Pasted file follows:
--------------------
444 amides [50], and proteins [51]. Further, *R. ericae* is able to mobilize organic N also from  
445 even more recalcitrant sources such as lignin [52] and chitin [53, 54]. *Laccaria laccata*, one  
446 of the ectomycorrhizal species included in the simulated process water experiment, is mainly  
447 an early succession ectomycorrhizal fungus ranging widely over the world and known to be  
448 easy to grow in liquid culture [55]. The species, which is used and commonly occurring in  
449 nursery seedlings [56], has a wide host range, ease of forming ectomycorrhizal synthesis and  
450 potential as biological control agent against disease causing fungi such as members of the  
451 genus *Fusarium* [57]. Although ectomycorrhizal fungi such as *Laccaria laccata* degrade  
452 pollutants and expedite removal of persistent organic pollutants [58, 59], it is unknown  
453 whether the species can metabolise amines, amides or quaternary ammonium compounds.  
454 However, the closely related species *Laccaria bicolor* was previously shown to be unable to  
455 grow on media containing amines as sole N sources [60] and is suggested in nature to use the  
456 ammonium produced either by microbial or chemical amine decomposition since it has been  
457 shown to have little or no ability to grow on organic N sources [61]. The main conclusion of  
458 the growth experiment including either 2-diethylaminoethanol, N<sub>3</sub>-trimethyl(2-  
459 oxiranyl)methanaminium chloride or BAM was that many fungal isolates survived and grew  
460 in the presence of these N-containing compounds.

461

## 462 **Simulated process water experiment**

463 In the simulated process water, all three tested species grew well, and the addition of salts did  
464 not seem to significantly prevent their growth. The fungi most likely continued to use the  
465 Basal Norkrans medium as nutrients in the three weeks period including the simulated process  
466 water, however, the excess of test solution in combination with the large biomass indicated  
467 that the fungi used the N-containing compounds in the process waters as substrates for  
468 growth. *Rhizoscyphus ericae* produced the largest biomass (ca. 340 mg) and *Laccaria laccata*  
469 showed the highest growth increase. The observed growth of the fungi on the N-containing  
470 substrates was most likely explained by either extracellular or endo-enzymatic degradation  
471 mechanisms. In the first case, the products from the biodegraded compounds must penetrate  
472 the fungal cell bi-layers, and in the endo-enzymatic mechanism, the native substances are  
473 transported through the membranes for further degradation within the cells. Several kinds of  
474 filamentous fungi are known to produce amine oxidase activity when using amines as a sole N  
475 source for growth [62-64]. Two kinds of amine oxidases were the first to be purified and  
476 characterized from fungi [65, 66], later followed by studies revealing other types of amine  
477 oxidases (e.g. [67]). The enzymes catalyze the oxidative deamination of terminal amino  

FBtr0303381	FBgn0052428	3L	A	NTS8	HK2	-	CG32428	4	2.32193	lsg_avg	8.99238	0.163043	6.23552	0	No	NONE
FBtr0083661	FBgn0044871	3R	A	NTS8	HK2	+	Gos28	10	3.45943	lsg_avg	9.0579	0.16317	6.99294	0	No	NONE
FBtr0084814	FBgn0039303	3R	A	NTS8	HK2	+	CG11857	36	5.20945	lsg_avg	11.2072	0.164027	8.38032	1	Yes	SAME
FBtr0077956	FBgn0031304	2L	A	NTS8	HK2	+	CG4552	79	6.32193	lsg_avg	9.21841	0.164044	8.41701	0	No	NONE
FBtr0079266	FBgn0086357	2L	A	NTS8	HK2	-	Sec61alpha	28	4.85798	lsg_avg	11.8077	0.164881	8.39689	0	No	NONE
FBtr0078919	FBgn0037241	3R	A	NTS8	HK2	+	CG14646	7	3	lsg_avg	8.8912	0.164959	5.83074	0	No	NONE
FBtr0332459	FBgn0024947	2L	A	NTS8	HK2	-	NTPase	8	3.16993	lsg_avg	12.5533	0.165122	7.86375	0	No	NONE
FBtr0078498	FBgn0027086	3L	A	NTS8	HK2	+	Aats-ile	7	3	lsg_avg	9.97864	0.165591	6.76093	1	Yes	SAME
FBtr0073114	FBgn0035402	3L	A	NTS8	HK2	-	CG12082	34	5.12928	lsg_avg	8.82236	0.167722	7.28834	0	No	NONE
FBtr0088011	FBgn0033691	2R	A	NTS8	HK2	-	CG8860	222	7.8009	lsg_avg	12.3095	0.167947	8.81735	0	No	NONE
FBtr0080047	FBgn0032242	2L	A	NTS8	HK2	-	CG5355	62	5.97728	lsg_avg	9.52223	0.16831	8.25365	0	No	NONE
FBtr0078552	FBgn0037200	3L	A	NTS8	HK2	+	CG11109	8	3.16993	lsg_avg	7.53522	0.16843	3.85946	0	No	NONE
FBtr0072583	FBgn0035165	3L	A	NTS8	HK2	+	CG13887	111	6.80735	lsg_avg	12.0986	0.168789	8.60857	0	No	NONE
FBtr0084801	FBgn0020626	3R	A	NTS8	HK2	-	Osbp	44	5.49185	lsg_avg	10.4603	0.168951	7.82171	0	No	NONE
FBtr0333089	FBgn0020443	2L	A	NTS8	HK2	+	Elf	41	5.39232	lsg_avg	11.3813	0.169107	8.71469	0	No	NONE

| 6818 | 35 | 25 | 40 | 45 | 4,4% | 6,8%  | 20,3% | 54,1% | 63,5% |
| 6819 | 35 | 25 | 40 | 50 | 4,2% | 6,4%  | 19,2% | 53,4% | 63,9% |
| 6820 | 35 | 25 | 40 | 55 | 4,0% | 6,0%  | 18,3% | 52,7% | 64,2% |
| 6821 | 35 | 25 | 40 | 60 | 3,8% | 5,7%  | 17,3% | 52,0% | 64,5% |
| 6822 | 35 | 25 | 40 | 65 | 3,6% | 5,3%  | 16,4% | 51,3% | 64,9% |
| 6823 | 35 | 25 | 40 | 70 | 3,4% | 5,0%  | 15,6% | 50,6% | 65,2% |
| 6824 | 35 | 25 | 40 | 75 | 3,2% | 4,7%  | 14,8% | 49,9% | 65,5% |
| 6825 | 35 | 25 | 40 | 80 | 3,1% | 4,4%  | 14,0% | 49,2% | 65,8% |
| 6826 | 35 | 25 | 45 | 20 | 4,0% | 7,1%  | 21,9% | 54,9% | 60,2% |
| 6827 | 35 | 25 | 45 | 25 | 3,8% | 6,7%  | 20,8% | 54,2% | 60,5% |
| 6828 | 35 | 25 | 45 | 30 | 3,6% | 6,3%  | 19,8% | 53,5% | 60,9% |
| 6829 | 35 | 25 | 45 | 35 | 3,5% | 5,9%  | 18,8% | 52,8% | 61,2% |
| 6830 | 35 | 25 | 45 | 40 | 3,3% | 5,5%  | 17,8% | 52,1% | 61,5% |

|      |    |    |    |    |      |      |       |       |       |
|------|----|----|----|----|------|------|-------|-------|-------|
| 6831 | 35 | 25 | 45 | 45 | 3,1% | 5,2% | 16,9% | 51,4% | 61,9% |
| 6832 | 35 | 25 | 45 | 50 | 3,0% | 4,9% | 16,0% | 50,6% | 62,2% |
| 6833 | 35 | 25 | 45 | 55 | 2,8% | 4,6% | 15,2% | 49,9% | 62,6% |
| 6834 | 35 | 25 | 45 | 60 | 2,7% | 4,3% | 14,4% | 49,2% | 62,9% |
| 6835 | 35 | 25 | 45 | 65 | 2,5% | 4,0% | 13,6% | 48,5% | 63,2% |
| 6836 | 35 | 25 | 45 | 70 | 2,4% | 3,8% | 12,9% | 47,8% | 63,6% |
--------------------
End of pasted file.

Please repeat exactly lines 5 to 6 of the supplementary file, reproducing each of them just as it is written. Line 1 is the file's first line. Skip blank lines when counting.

448 easy to grow in liquid culture [55]. The species, which is used and commonly occurring in  
449 nursery seedlings [56], has a wide host range, ease of forming ectomycorrhizal synthesis and  